Last week, a US Federal Court ruled that AstraZeneca Plc’s payment to Ranbaxy Laboratories Ltd. to delay a generic version of heartburn medication Nexium was not unreasonably anticompetitive.
The decision confirmed the approach taken by the US Supreme Court in FTC v. Actavis, Inc. that reverse-payment settlements (also known as “pay-for-delay” agreements) are subject to a “rule of reason” analysis (as opposed to being per se conspiracies). This is in contrast to the Canadian enforcement approach recently outlined by the Commissioner of Competition (the “Commissioner”), which left the door open to the application of the per se criminal conspiracy provision of the Competition Act of reverse-payment settlements.
A Distinctly Canadian Approach
Earlier this fall, the Commissioner released a white paper titled “Patent Litigation Settlement Agreements: A Canadian Perspective” and concurrently delivered a speech in which he outlined the Competition Bureau’s (the “Bureau”) position regarding the application of the Competition Act to reverse-payment settlements. In short, the Bureau’s stated enforcement position is that a reverse-payment settlement could be reviewed under either the criminal or civil provisions of the Competition Act.
Specifically, the Commissioner indicated that the Bureau would review reverse-payment settlements under the criminal conspiracy provisions of the Competition Act where they created “naked restraints” on competition. The Commissioner’s remarks were limited to providing only a high-level overview of when the Bureau would review a reverse-payment agreement under the criminal provisions of the Competition Act:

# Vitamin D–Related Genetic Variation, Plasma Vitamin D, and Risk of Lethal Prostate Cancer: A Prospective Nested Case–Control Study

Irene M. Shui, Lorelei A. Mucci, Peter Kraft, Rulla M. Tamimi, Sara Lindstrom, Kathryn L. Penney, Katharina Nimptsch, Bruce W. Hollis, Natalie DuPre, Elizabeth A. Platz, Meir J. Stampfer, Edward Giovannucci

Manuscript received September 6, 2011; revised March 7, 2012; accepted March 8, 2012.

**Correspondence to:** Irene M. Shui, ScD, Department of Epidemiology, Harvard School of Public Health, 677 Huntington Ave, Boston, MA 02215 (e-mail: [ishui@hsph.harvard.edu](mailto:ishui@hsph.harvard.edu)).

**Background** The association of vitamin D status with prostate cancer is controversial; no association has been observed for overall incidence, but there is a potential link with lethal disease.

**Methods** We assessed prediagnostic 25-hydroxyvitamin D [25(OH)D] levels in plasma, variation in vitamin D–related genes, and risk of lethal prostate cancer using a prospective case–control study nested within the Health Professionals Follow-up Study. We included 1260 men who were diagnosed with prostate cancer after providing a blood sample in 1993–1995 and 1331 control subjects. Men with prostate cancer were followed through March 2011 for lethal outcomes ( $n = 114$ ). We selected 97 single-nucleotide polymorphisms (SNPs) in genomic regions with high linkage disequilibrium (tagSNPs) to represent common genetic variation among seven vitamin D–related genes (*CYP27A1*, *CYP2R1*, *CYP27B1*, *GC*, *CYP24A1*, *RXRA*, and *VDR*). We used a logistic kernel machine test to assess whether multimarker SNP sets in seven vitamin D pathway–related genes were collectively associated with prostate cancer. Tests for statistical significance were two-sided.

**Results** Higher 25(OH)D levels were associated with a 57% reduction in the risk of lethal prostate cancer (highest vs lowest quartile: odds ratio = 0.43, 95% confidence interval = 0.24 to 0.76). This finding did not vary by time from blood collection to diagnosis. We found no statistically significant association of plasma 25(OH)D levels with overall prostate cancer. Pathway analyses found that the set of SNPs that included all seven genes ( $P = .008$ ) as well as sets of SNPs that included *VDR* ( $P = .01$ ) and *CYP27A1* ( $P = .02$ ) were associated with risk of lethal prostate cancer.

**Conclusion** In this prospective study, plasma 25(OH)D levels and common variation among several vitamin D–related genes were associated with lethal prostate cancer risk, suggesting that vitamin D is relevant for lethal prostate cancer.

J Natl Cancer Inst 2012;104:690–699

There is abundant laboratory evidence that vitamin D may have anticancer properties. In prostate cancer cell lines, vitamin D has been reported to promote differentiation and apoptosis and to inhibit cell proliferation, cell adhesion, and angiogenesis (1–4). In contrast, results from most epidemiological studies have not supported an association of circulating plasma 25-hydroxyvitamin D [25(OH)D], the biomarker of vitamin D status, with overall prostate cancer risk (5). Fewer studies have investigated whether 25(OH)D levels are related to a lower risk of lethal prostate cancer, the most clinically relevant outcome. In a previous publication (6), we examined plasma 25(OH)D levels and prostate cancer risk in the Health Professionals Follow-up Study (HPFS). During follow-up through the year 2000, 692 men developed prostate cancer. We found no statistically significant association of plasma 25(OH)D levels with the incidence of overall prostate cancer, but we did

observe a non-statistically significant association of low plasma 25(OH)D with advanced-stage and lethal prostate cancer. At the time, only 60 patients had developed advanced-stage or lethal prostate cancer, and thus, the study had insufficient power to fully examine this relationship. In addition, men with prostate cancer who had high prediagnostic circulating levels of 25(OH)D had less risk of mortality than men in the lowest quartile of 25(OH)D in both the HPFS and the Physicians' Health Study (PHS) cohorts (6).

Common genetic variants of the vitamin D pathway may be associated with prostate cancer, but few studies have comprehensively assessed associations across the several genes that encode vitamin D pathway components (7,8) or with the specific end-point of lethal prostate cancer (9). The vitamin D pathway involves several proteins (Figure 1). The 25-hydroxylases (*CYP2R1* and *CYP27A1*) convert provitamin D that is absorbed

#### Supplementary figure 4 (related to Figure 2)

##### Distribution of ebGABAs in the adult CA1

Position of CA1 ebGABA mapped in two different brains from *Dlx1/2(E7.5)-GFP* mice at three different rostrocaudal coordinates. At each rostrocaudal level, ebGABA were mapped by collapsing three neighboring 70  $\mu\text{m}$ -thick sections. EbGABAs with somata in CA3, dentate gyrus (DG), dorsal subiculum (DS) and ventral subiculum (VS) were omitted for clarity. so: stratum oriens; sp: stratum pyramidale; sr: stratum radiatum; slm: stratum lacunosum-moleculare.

- where the settlement includes conduct with respect to markets or products that are not the focus of the patent litigation or the conduct goes beyond the scope of the patent;
- where there is direct or circumstantial evidence that indicates that the settlement is a vehicle for a “naked restraint” on competition that is not implemented in furtherance of a legitimate collaboration or was motivated by factors beyond the issues associated with litigation.
The Commissioner indicated that the Bureau’s views are “preliminary” and that it would consult stakeholders before arriving at any permanent view on how it will review reverse-payment settlements. However, he has clearly signalled the Bureau’s willingness to closely scrutinize reverse-payment settlements. More important, as iterated, the Commissioner’s stated enforcement position provides little guidance to pharmaceutical companies contemplating a reverse payment settlement. The Bureau’s position is also problematic given the Section 8 damages regime under the Competition Act, which specifically contemplates damages as a remedy in pharmaceutical cases.
It is unclear what prompted the Commissioner to outline such a bold position that breaks from the approach historically taken by the Bureau, especially given Canadian laws governing IP in the pharmaceutical sector. In this regard, the AstraZeneca case highlights the difference between Canada and the United States on this issue and may make it more difficult for pharmaceutical companies to manage their cross-border IP strategies. In addition, given that reverse-payment settlements generally result in generic products coming to market before the expiry of the relevant patents, to the extent that the Bureau’s enforcement policy chills or delays these types of settlements, Canadians may have to purchase more expensive branded products for longer than would otherwise be the case.